Electromyography (EMG) and Nerve Conduction Study

Medically Reviewed by Zilpah Sheikh, MD on March 14, 2024
7 min read

Your muscles move when nerve signals from the brain tell them to get to work. Electromyography (EMG), a diagnostic test, measures how well your muscles respond to those signals.

Movement is a complex interaction between your central nervous and muscular systems. Your doctor can use the results of an EMG to determine whether you have a muscular problem, a nerve problem, or both.

Motor neurons are the nerve cells that send signals to your muscles to move. During the test, a needle probe is inserted into your muscle to measure its electrical activity. The EMG turns the electrical activity into sounds, graphs, or numbers for your doctor to interpret.

If the test picks up a problem, you may be diagnosed with what is called a neuromuscular disorder.

Nerve signals are electrical impulses that travel quickly throughout your nervous system. Sometimes, problems with the electrical activity in your nerves can cause pain, tingling, or weakness in your muscles.

A nerve conduction study (NCS) tests the health of your peripheral nerves, the nerves located outside your central nervous system (the brain and spinal cord). An NCS measures how fast and how strong the electrical activity is in your motor (muscle) and sensory nerves. The test can tell whether a nerve has been damaged.

It’s natural to have soreness or numbness in a muscle once in a while. You might strain a wrist muscle by lifting something heavy, for example.

However, for many people, a sore wrist is caused by an injured nerve, not an injured muscle. When it’s not clear why you’re having problems with your wrist, back, legs, or any other body part, one or both of these tests (EMG and NCS) may be helpful.

The tests may be given to people who have the following symptoms that don’t go away:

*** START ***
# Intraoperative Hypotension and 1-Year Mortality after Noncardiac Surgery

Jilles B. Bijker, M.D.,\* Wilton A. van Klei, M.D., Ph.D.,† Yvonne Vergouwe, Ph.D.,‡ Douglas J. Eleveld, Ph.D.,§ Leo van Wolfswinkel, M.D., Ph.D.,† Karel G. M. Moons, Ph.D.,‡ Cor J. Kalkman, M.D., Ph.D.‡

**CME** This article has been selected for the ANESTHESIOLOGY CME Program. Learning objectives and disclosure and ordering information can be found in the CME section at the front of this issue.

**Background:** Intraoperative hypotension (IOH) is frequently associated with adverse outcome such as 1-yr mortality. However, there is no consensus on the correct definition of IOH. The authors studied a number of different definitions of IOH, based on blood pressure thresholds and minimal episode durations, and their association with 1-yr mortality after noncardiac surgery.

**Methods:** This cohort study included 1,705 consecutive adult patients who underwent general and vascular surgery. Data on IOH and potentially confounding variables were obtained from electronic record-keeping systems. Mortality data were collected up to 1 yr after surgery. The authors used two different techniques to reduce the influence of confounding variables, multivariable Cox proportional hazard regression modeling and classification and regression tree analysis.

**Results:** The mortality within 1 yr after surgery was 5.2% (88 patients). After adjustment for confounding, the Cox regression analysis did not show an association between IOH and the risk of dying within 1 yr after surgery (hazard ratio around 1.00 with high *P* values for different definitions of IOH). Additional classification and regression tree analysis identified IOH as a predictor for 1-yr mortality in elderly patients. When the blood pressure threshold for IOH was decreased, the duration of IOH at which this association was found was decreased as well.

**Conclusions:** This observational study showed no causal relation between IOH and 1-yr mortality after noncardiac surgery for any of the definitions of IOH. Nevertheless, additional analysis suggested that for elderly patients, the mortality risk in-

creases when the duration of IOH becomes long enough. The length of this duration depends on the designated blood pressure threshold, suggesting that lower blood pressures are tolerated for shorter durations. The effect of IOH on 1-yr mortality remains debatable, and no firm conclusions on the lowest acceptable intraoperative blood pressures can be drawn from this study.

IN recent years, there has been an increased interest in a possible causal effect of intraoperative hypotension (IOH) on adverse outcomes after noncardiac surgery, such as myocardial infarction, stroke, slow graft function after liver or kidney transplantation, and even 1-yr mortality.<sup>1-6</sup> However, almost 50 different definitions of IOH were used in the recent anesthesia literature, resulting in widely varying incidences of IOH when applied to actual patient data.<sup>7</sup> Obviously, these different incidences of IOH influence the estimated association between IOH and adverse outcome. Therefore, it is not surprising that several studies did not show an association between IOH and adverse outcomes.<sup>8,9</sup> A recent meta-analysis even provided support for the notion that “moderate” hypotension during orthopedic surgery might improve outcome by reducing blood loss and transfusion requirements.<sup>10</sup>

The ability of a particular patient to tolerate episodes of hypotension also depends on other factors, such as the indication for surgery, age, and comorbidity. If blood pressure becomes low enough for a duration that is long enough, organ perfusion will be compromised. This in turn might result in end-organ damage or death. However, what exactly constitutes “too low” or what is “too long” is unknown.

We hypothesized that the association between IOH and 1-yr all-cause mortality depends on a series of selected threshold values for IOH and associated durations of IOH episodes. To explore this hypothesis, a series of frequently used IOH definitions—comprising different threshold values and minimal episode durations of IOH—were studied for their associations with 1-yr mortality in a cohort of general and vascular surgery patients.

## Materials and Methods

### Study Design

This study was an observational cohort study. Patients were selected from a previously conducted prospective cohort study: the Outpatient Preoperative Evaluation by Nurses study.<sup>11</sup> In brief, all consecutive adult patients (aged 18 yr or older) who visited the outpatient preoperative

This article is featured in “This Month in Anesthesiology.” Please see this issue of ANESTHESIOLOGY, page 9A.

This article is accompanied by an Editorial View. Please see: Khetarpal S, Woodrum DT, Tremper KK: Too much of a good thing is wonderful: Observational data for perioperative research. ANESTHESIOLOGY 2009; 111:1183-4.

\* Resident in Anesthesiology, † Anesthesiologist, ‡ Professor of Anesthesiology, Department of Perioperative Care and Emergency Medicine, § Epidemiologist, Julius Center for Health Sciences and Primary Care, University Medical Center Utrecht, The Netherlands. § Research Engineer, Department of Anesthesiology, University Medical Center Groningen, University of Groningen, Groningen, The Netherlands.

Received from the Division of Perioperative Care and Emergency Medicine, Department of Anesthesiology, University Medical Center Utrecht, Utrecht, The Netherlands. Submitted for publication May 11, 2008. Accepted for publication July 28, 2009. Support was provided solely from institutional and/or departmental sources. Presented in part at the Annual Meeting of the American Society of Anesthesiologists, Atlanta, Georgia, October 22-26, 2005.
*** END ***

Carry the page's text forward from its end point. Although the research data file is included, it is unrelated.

• Pain or cramping
  • Tingling or numbness
  • Muscle weakness

Both EMG and NCS can help doctors diagnose what’s wrong with you. They can also help rule out conditions that you don’t have. EMG and NCS can help diagnose:

NCS can also help your doctor see how well you’re recovering from a nerve injury.

An EMG is generally safe to undergo and there are few complications.

Very rarely, there may be:

  • An infection at the insertion site, especially if your skin is swollen there
  • Bleeding, typically if you have a bleeding disorder or are on blood thinners or certain other medicines, including some herbal supplements
  • Nerve injury in certain "high-risk" muscle areas, such as your diaphragm (the muscle you use to breathe), rib cage, rotator cuff, back and spine.

Is having an EMG painful?

When the EMG needle pricks your skin, it may feel uncomfortable. Most people expect the test to be painful but later report that the pain was much less intense than they had feared.

After the test, you may have some bruising or muscle soreness, but both should go away in about a week.

You don’t need to do anything special before either test. Doctors do recommend that on the morning of EMG monitoring, you:

  • Bathe or shower, but don’t put on any lotions or moisturizers
  • Don’t smoke 

You should also talk with your doctor about taking medications before a test. There may be certain medicines you should avoid taking until after the test.

If you have a pacemaker or implanted cardiac defibrillator (ICD), you should tell your doctor before they schedule an EMG, as it may affect how they work.

What to wear. Loose-fitting clothing that you can easily remove or that won't restrict your movement. Avoid wearing any shaping underwear, pantyhose, or long underwear.

Food and drink. You can eat as usual, but your doctor may ask that you avoid caffeine and sugary beverages for at least 2 or 3 hours before a test.

Medication. Tell your doctor what prescription, over-the-counter, or herbal medicines you take.

EMG and NCS are done in a hospital or office setting. They can be "outpatient procedures," meaning you don’t have to stay overnight and can go home the same day, or they can be done during a hospital stay.

Several types of doctors may oversee the procedures. That includes neurologists, who specialize in the brain and nervous system. A hospital technician may be the person who actually does the NCS or EMG test.